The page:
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Jack Knox: Even before air war, Oak Bay pilot had to survive Battle of the Atlantic

Before going into battle as a pilot, Oak Bay's Norman Loudoun survived a ship sinking.

Imagine this: It’s April 1943. You’re a 21-year-old bomber pilot from Oak Bay on a cargo ship bound from Halifax to Liverpool.

Outside, the wind is howling, the blowing snow so thick that it’s impossible to see the other vessels in the convoy. Inside, you’re stretched out on your bunk, fully clothed, as dusk falls over the mid-Atlantic.

That’s when German submarine U-306 sticks two torpedoes into the hull of the Amerika.

The Danish-built ship doesn’t go straight down. Norman Loudoun has time to scramble into his life jacket, hurry on deck, find a life raft. That doesn’t mean he’s safe, though. The blizzard is raging, the waves massive. The last man off the Amerika, its captain, slips while stepping into a lifeboat, has to be pulled from the water.

It takes a couple of hours for the Royal Navy corvette HMS Asphodel to get to the scene and begin plucking survivors from the heaving seas.

Most don’t make it. Of the 140 aboard the Amerika, 86 die, including all but 16 of the 53 RCAF men in Loudoun’s contingent.

The Vic High grad is one of the lucky ones, though. Even before joining the air battle in Europe, he emerges as a survivor of the war at sea.

It’s Battle of the Atlantic Sunday this week, a time to remember those who kept vital supply lines between Canada and Britain open during the Second World War. It was a struggle that initially favoured the U-boats — almost 400 Allied ships were lost between January and July 1942 — but eventually tilted the other way, albeit at a cost.

“Most of the 2,000 Royal Canadian Navy officers and men who died during the war were killed during the Battle of the Atlantic, as were 752 members of the Royal Canadian Air Force,” says the Veterans Affairs website. More than 1,600 Merchant Navy sailors from Canada and Newfoundland were killed, too. There were also civilian casualties, including the 136 who perished when the ferry SS Caribou was sunk while crossing from Nova Scotia to Newfoundland in October 1942.

Loudoun’s escape from the Amerika, 79 years ago this week, was a near thing.

“I got into one of the free boats lying about and sat there with several other men until we were washed off by waves as the ship sank,” a newspaper story quoted him saying at the time.

‘The waves were enormous. The corvette’s skipper estimated they were 60 feet high. It was pretty tough in the boat and I don’t know how the corvette managed to take us aboard.”

Another story, this one in the Victoria Daily Times in November 1944, elaborated: “Although the bottom of the lifeboat was stove in, the survivors managed to keep it afloat for 3 1/2 hours in murky darkness until they were picked up by a British corvette and landed in Scotland.”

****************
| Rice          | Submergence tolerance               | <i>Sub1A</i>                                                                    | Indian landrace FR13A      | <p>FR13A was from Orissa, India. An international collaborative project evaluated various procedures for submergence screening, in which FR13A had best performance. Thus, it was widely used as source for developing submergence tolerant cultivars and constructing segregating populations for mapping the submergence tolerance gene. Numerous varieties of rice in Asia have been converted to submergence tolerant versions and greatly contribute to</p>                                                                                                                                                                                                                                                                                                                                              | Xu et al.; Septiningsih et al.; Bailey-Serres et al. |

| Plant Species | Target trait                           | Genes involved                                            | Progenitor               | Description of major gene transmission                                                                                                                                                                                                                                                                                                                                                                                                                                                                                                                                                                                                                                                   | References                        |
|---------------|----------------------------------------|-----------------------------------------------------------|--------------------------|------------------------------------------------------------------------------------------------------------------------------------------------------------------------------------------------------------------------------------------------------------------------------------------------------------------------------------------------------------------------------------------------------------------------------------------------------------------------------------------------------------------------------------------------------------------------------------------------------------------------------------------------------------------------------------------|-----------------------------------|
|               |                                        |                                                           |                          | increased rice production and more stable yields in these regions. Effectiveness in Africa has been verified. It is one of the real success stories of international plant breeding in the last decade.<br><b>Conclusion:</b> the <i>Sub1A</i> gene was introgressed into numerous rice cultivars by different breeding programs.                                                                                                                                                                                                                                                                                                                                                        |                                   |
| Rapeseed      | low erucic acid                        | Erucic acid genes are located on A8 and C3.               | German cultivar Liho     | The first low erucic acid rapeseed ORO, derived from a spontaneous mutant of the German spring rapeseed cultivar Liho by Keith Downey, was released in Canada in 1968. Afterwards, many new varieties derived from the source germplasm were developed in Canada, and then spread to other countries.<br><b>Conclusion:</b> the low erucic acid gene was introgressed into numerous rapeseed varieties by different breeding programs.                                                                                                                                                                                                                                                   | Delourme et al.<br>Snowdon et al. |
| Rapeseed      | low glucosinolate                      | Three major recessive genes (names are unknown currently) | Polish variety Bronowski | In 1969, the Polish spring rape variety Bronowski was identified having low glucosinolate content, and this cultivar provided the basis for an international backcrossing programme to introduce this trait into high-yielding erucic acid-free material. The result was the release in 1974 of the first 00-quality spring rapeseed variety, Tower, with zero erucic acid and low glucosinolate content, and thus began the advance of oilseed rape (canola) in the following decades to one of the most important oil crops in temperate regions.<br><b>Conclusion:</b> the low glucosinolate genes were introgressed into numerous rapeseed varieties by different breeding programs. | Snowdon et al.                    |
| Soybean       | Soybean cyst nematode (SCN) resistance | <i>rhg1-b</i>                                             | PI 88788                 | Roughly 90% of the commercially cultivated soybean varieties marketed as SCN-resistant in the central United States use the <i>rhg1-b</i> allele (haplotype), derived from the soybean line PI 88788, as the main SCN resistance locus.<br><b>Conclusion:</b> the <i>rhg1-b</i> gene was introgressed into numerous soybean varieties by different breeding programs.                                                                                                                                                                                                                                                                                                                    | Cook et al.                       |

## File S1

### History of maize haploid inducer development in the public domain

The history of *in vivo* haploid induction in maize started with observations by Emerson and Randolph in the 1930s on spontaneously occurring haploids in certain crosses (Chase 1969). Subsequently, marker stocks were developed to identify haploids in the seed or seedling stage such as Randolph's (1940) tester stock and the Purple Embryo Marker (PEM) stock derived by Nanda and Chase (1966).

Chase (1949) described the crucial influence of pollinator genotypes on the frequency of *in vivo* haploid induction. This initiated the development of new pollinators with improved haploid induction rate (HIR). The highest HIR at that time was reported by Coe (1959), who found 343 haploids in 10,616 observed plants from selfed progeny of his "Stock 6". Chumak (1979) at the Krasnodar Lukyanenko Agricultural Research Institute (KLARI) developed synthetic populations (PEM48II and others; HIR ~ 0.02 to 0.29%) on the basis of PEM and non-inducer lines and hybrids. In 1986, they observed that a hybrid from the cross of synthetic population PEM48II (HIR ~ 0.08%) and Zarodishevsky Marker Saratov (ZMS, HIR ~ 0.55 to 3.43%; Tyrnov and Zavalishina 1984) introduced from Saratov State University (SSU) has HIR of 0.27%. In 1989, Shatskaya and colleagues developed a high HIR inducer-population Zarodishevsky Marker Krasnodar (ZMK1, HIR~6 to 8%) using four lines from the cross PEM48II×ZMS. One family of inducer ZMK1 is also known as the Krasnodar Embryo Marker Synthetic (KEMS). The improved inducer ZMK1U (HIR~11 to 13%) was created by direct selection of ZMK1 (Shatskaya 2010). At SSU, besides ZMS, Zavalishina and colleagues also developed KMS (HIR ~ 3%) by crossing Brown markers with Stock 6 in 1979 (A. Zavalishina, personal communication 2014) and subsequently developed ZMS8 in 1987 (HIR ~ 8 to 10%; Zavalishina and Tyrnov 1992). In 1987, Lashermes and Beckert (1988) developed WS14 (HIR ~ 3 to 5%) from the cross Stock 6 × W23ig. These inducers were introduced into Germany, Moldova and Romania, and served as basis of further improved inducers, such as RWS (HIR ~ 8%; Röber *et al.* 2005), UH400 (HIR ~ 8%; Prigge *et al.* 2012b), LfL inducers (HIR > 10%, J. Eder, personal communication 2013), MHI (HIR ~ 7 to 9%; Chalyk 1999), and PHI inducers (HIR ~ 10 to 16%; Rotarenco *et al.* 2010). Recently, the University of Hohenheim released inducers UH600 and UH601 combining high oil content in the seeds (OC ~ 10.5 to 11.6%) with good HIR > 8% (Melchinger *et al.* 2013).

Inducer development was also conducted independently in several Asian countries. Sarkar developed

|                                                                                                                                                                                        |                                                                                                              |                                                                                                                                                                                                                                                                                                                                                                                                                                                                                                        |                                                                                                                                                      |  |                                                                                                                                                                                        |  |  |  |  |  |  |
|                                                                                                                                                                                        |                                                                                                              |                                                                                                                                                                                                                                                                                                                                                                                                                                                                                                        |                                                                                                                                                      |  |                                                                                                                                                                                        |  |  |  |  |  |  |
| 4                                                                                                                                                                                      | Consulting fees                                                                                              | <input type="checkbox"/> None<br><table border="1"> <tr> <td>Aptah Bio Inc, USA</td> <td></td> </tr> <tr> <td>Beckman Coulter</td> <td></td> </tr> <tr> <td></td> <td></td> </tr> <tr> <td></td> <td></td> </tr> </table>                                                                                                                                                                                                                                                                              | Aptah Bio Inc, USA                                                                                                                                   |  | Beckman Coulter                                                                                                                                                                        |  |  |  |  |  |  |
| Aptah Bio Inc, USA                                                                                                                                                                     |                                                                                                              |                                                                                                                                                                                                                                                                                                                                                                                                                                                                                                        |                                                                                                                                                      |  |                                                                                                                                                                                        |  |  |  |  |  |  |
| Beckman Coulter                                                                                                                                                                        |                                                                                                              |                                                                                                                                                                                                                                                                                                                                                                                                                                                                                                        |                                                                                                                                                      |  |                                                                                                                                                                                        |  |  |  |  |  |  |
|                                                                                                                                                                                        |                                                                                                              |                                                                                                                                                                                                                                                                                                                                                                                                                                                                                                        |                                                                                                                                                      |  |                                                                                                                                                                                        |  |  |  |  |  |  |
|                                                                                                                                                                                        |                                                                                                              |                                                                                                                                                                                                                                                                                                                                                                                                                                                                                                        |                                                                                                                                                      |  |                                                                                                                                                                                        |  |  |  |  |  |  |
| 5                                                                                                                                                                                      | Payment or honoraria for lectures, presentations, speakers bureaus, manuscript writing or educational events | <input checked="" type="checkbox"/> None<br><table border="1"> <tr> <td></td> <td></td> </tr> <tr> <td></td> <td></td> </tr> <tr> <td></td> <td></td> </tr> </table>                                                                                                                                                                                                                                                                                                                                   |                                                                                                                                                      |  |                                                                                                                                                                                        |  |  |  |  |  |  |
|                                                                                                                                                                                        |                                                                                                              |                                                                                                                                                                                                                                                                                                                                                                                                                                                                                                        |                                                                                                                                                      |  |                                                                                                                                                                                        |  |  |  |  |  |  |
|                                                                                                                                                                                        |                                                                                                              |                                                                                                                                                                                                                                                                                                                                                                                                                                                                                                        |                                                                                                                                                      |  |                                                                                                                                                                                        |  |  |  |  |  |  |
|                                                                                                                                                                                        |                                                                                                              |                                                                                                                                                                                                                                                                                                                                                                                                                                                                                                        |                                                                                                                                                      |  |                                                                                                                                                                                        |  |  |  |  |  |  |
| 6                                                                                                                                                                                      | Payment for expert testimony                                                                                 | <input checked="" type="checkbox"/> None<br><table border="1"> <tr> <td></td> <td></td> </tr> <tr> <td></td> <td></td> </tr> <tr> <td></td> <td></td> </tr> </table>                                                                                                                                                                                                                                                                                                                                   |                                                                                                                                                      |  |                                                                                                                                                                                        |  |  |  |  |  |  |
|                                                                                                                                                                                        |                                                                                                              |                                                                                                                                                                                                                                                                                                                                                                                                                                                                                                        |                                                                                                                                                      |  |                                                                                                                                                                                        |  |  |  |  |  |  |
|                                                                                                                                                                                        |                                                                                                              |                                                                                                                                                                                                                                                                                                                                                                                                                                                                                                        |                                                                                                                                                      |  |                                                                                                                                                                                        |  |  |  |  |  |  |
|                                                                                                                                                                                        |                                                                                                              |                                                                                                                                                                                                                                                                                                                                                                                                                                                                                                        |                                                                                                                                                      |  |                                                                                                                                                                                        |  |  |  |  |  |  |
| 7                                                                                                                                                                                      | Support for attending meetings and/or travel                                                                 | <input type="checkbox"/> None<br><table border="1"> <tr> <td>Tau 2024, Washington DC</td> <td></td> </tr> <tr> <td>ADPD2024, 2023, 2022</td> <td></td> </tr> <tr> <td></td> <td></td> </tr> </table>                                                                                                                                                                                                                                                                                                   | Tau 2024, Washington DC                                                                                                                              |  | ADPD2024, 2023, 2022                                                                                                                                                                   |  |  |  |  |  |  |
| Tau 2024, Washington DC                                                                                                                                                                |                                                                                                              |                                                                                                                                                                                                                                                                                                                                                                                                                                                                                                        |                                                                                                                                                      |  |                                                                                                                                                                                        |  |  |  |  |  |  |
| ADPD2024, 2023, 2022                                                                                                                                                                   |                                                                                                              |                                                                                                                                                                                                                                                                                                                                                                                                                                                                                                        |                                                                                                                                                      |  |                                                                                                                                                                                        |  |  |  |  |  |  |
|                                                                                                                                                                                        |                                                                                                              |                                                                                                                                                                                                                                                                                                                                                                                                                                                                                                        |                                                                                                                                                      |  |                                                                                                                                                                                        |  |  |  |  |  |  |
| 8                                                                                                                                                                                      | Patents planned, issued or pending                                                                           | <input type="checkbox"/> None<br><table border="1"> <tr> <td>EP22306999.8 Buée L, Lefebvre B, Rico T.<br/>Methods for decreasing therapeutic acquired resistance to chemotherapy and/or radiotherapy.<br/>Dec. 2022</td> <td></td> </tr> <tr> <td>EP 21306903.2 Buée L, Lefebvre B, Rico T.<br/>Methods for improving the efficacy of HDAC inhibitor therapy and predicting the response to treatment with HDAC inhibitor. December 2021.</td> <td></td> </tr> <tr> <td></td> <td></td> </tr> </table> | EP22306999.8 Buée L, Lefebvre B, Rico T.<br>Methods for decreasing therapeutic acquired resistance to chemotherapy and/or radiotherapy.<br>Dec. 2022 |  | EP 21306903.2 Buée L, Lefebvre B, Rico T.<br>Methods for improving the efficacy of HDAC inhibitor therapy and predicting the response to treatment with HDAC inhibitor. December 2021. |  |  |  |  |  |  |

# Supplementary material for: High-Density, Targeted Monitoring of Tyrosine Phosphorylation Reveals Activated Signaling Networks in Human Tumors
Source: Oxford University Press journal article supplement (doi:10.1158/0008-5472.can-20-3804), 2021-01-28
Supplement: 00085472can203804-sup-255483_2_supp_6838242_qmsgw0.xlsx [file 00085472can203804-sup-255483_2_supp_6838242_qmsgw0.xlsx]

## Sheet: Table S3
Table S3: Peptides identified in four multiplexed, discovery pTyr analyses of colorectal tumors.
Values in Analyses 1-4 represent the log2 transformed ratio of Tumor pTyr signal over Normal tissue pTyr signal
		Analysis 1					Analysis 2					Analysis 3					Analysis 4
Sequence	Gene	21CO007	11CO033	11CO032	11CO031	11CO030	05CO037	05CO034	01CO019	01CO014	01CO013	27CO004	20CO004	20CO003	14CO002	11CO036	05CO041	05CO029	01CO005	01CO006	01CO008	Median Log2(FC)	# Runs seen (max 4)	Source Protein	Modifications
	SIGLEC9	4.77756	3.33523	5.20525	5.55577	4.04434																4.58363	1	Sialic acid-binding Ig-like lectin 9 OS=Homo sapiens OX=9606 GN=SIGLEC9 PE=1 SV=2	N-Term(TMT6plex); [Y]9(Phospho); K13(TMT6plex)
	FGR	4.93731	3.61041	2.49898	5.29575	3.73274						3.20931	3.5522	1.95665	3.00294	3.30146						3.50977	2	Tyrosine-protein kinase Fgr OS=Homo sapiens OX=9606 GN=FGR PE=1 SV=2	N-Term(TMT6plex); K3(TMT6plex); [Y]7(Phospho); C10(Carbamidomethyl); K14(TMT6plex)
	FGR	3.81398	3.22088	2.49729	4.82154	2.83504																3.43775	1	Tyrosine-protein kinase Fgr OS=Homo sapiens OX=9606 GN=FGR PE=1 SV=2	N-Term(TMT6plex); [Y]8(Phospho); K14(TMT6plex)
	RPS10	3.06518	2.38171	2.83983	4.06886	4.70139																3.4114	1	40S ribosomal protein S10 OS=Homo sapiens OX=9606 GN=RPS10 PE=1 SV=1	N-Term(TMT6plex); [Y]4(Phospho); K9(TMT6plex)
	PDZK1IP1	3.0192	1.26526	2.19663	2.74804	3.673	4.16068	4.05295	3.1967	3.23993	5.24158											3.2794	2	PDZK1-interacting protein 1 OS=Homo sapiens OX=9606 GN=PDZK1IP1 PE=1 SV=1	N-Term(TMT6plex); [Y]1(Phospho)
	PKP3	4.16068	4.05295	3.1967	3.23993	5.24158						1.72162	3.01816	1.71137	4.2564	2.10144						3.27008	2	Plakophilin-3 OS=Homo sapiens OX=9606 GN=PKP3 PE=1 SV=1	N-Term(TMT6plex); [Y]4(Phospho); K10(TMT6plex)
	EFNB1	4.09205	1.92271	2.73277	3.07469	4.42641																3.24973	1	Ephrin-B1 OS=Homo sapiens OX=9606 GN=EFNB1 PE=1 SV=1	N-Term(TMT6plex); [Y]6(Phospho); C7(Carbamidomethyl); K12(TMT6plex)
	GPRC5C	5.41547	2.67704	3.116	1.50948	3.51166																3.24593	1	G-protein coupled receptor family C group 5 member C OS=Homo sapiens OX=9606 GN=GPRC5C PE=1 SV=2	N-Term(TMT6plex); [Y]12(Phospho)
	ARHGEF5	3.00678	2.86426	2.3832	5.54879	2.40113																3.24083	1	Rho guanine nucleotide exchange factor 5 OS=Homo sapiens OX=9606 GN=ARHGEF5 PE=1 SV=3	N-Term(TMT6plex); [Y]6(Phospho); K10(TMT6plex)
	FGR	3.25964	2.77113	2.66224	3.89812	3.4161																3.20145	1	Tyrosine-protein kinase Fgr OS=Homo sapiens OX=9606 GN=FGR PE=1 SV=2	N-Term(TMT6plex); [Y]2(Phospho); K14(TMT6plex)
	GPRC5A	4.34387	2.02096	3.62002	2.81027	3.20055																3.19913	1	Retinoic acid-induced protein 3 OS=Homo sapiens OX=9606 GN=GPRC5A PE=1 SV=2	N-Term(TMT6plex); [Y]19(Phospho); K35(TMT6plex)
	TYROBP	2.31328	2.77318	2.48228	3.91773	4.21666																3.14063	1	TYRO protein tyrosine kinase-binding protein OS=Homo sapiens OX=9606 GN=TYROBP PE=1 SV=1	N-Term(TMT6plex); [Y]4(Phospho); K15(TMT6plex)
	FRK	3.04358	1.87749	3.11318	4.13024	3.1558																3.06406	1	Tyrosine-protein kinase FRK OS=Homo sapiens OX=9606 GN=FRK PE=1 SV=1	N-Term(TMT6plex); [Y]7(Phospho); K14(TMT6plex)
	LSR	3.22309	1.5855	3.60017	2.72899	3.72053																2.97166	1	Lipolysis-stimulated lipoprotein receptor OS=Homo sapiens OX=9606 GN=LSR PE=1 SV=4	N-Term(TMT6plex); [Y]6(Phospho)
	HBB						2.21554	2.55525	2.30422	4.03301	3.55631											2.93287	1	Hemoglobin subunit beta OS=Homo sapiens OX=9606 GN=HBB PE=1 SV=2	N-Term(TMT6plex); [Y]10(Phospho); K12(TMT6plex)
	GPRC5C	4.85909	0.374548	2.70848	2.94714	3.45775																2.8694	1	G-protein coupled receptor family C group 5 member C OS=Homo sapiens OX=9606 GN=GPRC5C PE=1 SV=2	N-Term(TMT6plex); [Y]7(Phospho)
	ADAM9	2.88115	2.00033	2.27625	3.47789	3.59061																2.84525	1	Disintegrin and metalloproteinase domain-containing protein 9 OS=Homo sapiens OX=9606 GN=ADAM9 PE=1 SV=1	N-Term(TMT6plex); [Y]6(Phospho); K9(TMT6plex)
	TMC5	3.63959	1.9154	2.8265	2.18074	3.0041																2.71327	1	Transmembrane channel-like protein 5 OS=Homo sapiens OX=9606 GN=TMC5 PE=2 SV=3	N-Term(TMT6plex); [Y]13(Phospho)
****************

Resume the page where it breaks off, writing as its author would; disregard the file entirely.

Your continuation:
Loudoun might have got away with his life, but he lost everything else.

“He lost all his flying gear.” says his nephew, retired naval captain Kevin Carlé of Victoria. “He wrote his mother: ‘Hey Mum, can you send me a Cowichan sweater?’ ”

Back home on Dalhousie Street in Oak Bay, his mother did just that. Family photos show Loudoun wearing the garment under his uniform. Hardly regulation, but he didn’t care. It was warm and the skies were cold.

Loudoun eventually flew 38 missions in Halifax bombers. He finished the war as a squadron leader, winning the Distinguished Flying Cross for what the Victoria Daily Times, where Loudoun had been a reporter before enlisting in the RCAF in 1941, described as “conspicuous gallantry and devotion to duty.”

Loudoun told the newspaper that, compared with the sinking of the Amerika, the rest of his war was a “piece of cake.” But then he went on to describe one of his missions: “Returning from Brest one night, our port inner engine caught fire. I was obliged to ‘feather’ it, and in landing at our base with a full load of bombs I had not unloaded, I was unable to prevent the aircraft from swinging as I taxied down the runway. I overshot and ended up in the ditch. Fortunately, not a member of the crew was injured.” Some piece of cake.

After the war, Loudoun returned to Victoria, married Bonnie Rawlinson at St. Mary’s Anglican in Oak Bay, then departed for Alberta, where they had three kids and he spent a long career in the oil patch. He died in Calgary in 2012. Great guy, great public speaker, good artist, his nephew Carlé says.

“Like many of these people, he didn’t talk much about the war.”

Loudoun did eventually open up about his ordeal at sea to Carlé, another military man, though. The details were pretty awful, but his uncle described them all matter of factly. “He said: ‘I was a young guy. We took it in stride.’ ”

Not that it was actually that easy. Loudoun’s experiences stayed with him, Carlé says. “He suffered.”

Of course he did. Think of what they all went through in the cold and the dark, and the heaving seas.

There’ll be a public Battle of the Atlantic ceremony by the legislature this Sunday, May 1, from 10:45 until noon.